Published On: Wed, Oct 30th, 2019

Gender pay gap widens for older women, new research shows | Personal Finance | Finance

The difference in salaries between men and women aged 40 to 49 is 11 per cent, rising to 15 per cent for those aged 50 to 59 and above 60. However, the gender pay gap for full-time employees aged under 40 is now “close to zero”, according to the Office for National Statistics. Statisticians say the difference is due to women over the age of 40 being “more likely” to work in lower-paid jobs and being less likely to work as managers, compared with younger women.

The gender pay gap for all full-time workers in the UK has increased to 8.9 per cent – up from 8.6 per cent last year.

That was the lowest level since records began in 1997, when it stood at 17.4 per cent, the ONS analysis found.

The difference in pay of all men and women workers – including those in part-time jobs – has fallen from 17.8 per cent in 2018 to 17.3 per cent in 2019.

TUC general secretary Frances O’Grady said closing the pay gap would take “decades” at the current rate.

She said: “Government must pick up the pace. It’s clear that publishing gender pay gaps isn’t enough on its own. Companies must also be legally required to explain how they’ll close them.”

Sam Smethers, chief executive of the Fawcett Society, which campaigns for gender equality, said: “Progress to close the gender pay gap is dismally slow – at this rate it will take 60 years to eradicate it.

“Too many women are trapped in low-paid part-time work or locked out of non-traditional sectors, while others experience pay or pregnancy discrimination.”

Average weekly earnings for full-time employees has increased by 2.9 per cent to £585 from last year, but after inflation is taken into account, the increase is just 0.9 per cent.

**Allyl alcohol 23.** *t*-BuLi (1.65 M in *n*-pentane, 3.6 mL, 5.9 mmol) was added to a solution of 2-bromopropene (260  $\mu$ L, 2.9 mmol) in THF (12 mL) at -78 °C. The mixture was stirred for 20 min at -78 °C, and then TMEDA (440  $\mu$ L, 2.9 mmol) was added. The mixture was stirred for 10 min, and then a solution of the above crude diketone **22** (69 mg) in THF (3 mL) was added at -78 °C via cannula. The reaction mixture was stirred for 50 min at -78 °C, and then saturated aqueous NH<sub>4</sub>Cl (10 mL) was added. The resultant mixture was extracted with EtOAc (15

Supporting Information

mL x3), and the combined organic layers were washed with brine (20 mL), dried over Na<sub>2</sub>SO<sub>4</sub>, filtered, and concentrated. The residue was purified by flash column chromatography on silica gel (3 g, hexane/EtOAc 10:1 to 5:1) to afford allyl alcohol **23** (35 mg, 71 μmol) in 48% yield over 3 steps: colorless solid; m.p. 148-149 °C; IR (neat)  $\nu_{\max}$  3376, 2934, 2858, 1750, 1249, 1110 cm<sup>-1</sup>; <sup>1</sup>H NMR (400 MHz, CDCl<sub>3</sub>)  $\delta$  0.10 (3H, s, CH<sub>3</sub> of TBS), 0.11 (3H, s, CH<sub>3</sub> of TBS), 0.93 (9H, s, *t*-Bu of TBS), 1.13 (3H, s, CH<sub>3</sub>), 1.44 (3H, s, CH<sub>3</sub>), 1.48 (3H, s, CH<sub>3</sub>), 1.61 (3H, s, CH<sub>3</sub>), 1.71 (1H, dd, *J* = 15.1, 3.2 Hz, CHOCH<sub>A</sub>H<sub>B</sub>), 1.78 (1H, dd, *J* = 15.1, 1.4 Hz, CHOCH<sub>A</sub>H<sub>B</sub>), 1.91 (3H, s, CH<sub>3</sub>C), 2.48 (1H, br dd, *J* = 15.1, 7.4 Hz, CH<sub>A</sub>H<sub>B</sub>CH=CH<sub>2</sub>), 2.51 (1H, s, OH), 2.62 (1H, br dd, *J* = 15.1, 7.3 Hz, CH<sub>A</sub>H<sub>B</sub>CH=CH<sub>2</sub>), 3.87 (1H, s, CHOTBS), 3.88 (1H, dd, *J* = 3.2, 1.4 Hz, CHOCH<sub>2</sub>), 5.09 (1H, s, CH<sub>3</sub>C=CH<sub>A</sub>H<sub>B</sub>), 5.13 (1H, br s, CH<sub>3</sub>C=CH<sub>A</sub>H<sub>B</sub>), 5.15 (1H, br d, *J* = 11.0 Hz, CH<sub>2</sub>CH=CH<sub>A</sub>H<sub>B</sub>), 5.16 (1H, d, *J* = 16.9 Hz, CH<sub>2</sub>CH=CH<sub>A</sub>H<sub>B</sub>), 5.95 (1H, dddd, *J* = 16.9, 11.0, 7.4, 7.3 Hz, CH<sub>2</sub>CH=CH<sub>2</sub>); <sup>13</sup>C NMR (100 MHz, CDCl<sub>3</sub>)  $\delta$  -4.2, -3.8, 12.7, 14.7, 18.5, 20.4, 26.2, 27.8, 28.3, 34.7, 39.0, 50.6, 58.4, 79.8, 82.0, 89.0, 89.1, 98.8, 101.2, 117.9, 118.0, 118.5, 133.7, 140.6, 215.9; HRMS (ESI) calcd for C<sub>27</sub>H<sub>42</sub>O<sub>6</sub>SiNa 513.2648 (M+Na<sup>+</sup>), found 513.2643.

And, in real terms, they are still 2.9 per cent lower than the peak in 2008, which was £603 in today’s prices.

For the first time, weekly earnings for women peaked for those aged 40 to 49 in 2019.

Full-time weekly earnings were the highest in the City of London at £1,052.

Weekly earnings were lowest in Newark and Sherwood, Nottinghamshire, at £431.

The number of full-time employees who experienced a real-term pay decrease fell from 43.3 per cent in 2018 to 35.7 per cent in 2019.

READ MORE: State pension claimants will get extra payment this Christmas

KAY Collins was horrified to learn she was being paid less than a male colleague, even though she had more responsibilities.

Mrs Collins was earning £16,000 a year while her workmate was on £21,000.

The 58-year-old from Weston-super-Mare, Somerset, was forced to go to Bristol Employment Tribunal last year after her employers, the catering giant Compass Group UK and Ireland, refused to increase her salary.

“It was really upsetting to find that someone less experienced and less qualified and 12 years younger than me was earning more money than I was,” she said.

“Fighting for equal treatment can be a real battle. It’s had a major effect on my health and lifestyle. I’m no longer working and have no income as I’m years away from my pension.

“My husband William, who is 69, has been forced to work well past retirement.”

The tribunal found in Mrs Collins’ favour, saying she had performed “the same or broadly similar work” to that of male head chefs and was entitled to equal pay.

Ms Collins said: “Even if your employer refuses to accept your position, this doesn’t mean they are right.”

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